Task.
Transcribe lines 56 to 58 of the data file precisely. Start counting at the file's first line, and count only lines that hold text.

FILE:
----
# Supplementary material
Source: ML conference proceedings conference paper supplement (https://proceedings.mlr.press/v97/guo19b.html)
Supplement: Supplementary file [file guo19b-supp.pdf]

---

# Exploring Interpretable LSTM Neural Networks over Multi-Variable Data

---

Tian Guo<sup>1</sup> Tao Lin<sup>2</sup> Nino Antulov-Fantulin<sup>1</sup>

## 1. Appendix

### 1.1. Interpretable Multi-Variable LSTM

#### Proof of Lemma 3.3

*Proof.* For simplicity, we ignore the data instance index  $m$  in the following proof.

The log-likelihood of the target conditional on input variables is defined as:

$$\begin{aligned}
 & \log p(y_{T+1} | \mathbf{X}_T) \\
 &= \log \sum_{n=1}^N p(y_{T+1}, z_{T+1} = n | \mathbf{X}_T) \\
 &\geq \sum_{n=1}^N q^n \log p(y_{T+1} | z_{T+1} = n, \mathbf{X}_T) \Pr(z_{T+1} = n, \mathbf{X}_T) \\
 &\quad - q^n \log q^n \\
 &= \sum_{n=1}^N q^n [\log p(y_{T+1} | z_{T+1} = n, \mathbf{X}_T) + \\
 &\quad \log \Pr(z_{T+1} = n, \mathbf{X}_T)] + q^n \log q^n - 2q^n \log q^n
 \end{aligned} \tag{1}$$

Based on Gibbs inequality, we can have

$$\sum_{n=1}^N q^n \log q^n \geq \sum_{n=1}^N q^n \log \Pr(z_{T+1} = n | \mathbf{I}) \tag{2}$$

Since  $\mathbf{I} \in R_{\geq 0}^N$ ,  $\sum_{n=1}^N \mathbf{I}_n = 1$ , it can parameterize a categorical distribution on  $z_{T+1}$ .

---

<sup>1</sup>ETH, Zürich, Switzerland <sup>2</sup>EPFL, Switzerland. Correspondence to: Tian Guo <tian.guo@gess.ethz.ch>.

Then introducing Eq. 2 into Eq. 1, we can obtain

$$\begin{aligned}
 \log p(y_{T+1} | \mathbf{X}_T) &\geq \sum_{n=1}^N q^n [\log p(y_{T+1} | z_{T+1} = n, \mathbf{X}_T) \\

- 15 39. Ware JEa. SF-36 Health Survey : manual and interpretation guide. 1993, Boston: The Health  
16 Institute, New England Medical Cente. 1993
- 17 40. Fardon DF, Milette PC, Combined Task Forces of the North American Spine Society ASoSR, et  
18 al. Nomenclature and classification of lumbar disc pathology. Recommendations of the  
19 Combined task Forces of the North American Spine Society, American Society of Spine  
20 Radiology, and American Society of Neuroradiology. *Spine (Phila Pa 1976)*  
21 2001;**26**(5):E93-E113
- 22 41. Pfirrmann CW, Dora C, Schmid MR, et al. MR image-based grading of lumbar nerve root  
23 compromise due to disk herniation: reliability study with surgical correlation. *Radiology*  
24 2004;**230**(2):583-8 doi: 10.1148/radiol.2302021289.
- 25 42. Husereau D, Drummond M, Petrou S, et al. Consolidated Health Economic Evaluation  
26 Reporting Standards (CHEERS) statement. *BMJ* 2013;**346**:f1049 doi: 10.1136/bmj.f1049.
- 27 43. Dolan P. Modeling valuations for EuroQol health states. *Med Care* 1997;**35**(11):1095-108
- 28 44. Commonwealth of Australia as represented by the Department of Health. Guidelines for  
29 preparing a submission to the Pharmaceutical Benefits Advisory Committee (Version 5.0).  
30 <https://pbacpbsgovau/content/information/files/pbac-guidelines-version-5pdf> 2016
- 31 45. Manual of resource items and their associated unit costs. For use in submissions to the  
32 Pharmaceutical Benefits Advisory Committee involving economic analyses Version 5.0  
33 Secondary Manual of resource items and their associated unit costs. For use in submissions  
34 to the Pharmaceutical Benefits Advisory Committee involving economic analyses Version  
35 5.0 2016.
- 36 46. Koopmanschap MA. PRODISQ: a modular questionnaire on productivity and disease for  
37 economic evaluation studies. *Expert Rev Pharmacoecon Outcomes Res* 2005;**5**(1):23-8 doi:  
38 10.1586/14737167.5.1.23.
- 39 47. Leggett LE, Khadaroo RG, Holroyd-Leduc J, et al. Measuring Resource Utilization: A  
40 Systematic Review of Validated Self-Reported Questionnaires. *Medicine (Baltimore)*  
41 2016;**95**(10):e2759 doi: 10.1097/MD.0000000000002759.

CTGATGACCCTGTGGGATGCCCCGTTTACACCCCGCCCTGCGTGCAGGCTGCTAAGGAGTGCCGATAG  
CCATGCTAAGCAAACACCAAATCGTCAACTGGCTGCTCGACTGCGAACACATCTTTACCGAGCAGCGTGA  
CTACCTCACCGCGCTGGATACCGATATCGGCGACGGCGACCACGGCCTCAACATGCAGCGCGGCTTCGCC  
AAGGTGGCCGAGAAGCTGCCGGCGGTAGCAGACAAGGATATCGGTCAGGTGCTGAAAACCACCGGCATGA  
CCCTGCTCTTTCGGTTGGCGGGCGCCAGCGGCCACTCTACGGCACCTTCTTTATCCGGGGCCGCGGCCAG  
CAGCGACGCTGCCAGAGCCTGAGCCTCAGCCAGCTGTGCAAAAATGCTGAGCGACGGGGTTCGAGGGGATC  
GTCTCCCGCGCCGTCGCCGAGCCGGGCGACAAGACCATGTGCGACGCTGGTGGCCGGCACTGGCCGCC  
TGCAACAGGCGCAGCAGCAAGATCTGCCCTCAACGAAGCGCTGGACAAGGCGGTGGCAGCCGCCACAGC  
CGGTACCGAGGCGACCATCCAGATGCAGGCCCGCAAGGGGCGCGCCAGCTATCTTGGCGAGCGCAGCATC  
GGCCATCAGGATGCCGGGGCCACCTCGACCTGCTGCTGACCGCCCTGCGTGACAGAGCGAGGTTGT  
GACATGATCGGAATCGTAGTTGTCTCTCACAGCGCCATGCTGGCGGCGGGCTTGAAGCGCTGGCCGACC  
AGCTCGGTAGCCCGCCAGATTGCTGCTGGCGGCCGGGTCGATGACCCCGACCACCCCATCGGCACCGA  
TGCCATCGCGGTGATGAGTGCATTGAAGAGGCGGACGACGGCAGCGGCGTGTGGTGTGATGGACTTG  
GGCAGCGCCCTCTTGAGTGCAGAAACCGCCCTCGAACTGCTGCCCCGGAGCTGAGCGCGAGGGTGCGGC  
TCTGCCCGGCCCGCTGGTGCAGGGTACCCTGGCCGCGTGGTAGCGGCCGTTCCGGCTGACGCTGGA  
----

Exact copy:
CTGATGACCCTGTGGGATGCCCCGTTTACACCCCGCCCTGCGTGCAGGCTGCTAAGGAGTGCCGATAG  
CCATGCTAAGCAAACACCAAATCGTCAACTGGCTGCTCGACTGCGAACACATCTTTACCGAGCAGCGTGA  
CTACCTCACCGCGCTGGATACCGATATCGGCGACGGCGACCACGGCCTCAACATGCAGCGCGGCTTCGCC  